bulletInteract with regulators and agencies, and maintain records, and file required reports.

Chief of Safety and Security Rodney Estes (tel: 3333)

Chemical Hygiene Officer Dr. Joseph F. Sinski (tel: 8219)


2.3 Department Chairperson

Support the CHP and assist the CHO in maintaining awareness and compliance with the plan.

Make budget arrangements for health and safety improvements.


Department                                        Chairperson                      Phone

Biology                                                 Dave Porta                           8009

Chemistry & Physics                         Faiz Ahmad                          8436


2.4 Laboratory Supervisors

A laboratory supervisor is anyone overseeing any type of laboratory work. This could include faculty (full-time and part-time) and staff mentors. No one is exempt from the appropriate safety precautions. Lab supervisors must serve as good role models for their technical staff and students by observing all rules and recommendations, wearing protective equipment, and being enthusiastic about safety. Laboratory supervisors are responsible for administration of the Chemical Hygiene Plan. Untrained workers (or students) cannot be permitted to work with chemicals. Every laboratory supervisor will ensure that:
bulletAll personnel working in their laboratory(s) are aware of and practice appropriate precautions.
bulletRules and Standard Operating Procedures (SOPs) are enforced and discipline is maintained.
bulletEmergency equipment is available and in proper working order and that everyone has been trained on its use.
bulletInformation and training on special or unusual hazards or equipment is provided and documented. Appropriate safety plans and emergency procedures have been developed and are followed.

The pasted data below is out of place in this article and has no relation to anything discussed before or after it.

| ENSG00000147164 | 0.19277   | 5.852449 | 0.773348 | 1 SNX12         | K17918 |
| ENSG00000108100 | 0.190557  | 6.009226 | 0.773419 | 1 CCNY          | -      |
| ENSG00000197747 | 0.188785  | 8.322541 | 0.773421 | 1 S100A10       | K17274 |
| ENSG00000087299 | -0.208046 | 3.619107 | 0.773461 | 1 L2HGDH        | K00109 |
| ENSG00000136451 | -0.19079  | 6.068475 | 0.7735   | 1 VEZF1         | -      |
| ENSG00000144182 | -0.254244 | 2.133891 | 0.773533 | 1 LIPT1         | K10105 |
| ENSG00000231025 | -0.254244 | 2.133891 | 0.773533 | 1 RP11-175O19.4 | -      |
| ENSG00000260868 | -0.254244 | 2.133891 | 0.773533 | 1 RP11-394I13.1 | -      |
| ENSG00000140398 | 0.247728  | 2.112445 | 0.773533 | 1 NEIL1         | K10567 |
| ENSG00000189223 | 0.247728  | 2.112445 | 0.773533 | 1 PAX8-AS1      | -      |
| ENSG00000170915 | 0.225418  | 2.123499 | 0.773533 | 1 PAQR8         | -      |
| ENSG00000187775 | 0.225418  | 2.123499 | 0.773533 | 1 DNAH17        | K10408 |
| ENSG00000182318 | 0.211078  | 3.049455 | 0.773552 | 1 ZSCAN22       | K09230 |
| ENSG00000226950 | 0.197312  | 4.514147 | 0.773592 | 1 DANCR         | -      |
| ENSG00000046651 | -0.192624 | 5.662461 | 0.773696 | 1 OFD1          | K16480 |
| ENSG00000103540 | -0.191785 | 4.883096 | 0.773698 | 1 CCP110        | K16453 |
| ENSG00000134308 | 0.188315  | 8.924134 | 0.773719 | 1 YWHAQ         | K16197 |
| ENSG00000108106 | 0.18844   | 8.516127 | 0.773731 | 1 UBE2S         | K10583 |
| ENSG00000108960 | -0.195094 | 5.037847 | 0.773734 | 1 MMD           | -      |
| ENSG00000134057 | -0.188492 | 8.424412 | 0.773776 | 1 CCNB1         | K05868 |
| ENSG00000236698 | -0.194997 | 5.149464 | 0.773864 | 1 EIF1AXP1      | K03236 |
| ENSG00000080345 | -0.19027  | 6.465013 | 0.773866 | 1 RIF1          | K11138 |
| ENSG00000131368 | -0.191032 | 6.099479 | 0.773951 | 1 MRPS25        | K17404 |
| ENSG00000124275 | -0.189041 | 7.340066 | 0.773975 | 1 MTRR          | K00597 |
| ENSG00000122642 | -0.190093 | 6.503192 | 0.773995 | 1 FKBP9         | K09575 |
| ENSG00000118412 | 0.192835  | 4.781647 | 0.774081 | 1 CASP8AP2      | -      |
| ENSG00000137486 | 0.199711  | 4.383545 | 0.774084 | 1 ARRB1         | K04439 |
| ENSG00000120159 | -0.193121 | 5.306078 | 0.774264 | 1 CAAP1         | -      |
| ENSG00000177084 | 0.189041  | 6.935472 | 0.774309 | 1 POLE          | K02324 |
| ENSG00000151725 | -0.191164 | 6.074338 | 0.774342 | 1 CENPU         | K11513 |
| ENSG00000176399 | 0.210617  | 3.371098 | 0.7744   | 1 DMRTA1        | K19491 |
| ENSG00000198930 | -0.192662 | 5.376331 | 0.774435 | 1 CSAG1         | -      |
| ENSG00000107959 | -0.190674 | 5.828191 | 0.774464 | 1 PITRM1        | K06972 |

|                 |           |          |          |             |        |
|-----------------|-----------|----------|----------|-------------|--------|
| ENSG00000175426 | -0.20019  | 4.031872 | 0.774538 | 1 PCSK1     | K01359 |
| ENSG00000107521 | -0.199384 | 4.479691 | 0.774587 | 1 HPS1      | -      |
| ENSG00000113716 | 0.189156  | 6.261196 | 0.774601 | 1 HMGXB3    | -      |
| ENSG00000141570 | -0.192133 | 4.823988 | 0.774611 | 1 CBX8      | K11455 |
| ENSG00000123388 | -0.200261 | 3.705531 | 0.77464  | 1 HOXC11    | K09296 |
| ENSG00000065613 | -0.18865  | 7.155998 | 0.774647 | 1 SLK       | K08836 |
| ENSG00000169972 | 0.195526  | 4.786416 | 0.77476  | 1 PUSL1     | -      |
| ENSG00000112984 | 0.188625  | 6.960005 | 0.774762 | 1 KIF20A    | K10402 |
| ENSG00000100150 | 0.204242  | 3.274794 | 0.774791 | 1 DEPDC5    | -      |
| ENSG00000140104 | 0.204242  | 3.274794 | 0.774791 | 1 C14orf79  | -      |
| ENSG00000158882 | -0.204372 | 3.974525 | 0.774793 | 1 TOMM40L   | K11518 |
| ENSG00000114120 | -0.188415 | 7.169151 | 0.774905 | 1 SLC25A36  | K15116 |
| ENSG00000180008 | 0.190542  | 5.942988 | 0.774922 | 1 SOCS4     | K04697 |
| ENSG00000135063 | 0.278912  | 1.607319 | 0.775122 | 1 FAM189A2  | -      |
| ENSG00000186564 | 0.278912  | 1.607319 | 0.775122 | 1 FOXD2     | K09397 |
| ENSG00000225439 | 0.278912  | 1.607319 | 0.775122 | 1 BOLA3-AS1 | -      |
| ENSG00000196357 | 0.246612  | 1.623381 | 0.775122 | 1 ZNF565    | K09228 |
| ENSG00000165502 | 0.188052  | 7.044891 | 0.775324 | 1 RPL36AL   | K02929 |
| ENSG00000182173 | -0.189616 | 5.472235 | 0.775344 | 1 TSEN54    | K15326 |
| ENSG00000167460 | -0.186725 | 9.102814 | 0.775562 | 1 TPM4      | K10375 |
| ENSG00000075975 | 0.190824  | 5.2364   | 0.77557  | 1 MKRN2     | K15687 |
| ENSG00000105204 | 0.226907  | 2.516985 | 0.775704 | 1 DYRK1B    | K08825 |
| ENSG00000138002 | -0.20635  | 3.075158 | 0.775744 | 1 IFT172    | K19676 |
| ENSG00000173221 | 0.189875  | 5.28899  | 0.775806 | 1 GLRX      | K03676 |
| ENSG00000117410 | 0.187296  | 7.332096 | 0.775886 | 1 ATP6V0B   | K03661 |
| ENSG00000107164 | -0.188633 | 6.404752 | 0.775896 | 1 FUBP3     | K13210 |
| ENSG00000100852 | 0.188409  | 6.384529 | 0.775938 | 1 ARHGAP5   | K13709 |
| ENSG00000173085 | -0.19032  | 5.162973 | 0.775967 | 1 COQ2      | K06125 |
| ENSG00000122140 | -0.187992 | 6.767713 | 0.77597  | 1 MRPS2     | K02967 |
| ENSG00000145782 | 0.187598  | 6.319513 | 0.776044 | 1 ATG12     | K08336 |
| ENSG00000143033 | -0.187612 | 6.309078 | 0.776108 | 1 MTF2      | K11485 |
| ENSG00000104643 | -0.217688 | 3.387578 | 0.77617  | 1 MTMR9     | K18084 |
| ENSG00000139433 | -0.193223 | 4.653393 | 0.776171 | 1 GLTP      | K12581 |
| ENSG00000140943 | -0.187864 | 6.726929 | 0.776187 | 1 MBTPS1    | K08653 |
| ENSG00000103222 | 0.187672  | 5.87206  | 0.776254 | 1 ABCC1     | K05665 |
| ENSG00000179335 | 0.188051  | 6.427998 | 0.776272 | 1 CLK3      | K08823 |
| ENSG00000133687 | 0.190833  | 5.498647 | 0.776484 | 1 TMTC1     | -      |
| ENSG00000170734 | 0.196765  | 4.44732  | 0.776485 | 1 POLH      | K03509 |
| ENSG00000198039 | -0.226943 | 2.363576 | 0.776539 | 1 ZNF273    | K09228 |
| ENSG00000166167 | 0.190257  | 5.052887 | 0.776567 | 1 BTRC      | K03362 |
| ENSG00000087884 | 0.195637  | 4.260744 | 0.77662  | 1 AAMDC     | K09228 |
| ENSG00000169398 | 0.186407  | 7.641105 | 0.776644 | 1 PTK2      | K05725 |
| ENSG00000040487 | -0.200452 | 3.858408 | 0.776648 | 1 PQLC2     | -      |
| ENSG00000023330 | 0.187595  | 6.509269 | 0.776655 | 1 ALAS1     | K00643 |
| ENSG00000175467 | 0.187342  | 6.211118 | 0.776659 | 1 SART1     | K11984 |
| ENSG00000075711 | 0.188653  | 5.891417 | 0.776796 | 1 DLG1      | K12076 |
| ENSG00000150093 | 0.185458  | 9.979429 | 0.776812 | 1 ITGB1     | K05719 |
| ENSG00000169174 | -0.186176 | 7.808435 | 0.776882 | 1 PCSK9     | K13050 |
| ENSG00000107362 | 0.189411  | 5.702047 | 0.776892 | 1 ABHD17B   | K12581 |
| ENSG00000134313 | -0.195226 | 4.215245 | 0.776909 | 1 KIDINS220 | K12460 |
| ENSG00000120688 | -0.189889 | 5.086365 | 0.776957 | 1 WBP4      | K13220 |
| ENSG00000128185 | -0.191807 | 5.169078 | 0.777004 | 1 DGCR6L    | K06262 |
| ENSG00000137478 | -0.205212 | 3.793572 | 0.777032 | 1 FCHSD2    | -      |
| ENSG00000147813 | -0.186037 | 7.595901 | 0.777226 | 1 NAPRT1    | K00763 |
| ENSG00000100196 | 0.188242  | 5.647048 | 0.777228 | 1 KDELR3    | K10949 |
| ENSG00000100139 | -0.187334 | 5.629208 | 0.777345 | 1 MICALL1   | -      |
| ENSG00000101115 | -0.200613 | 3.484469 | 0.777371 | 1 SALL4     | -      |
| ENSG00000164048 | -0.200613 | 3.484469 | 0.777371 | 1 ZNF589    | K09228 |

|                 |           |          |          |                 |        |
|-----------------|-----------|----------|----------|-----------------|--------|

bulletMaterial Safety Data Sheets (MSDSs) are readily accessible and are reviewed before unfamiliar work or work with new chemicals commences.
bulletPersonal protective equipment is available and used.
bulletAll Hazardous Waste Regulations, including waste minimization, are complied with.
bulletPeriodic inspections and surveys of the laboratory work area are conducted.
bulletNotify the CHO prior to commencement of any new process or activities covered by this program.


2.5 Employees
bulletFollow all health and safety procedures and rules.
bulletReport all hazardous conditions to your supervisor immediately.
bulletReport any job-related injury or illnesses to your supervisor and seek treatment as soon as possible.
bulletRefrain from the operation of any equipment or instruments without proper instruction and authorization. Wear or use prescribed personal protective equipment.
bulletRemain aware of the hazards of ALL chemicals in the laboratory and how to handle hazardous chemicals safely.
bulletRequest information and training when unsure about how to handle an unfamiliar or hazardous chemical or procedure.

2.6 Students

Students shall follow safe work practices as directed by the laboratory supervisor. A student shall consult with the laboratory supervisor prior to performing work about which they are unsure or feel is unsafe.


Last modified: February 19, 2001


3.0 Standard Operating Procedures

3.1 General Rules
bulletFollow all safety instructions carefully. Use equipment only for its desired purpose.
bulletBecome thoroughly acquainted with the location and use of safety equipment such as safety showers, fire blankets, eyewash fountains, fire extinguisher, and exits.
bulletKnow the safety rules and procedures that apply to the work being done. Determine the potential hazards and precautions before undertaking any operation.
bulletBe alert to any unsafe conditions and work practices and call attention to them immediately, so that appropriate corrections can be made as soon as possible.
bulletHorseplay, practical jokes, or other behavior that might confuse, startle, or distract other workers in the laboratory is forbidden.
bulletBe certain all chemicals are correctly and clearly labeled. Post warning signs when unusual hazards, such as radiation, laser, use of carcinogens, or highly toxic chemicals exist.

3.2 Personal Protective Equipment

3.2.1 Eyes

Everyone in the laboratory including visitors MUST wear appropriate eye protection at all times, even when not performing a chemical operation. All protective eyewear used in the laboratory must meet the ANSI Z87.1 standard.

Regular prescription eyeglasses (with or without sideshields) are not allowed as a substitution for safety glasses or splash goggles. Faculty and staff may obtain prescription safety glasses (with side shields). Students and Faculty and staff who don't obtain prescription safety glasses must wear safety glasses (for impact hazard) or goggles (for splash hazard) designed to go over their prescription glasses.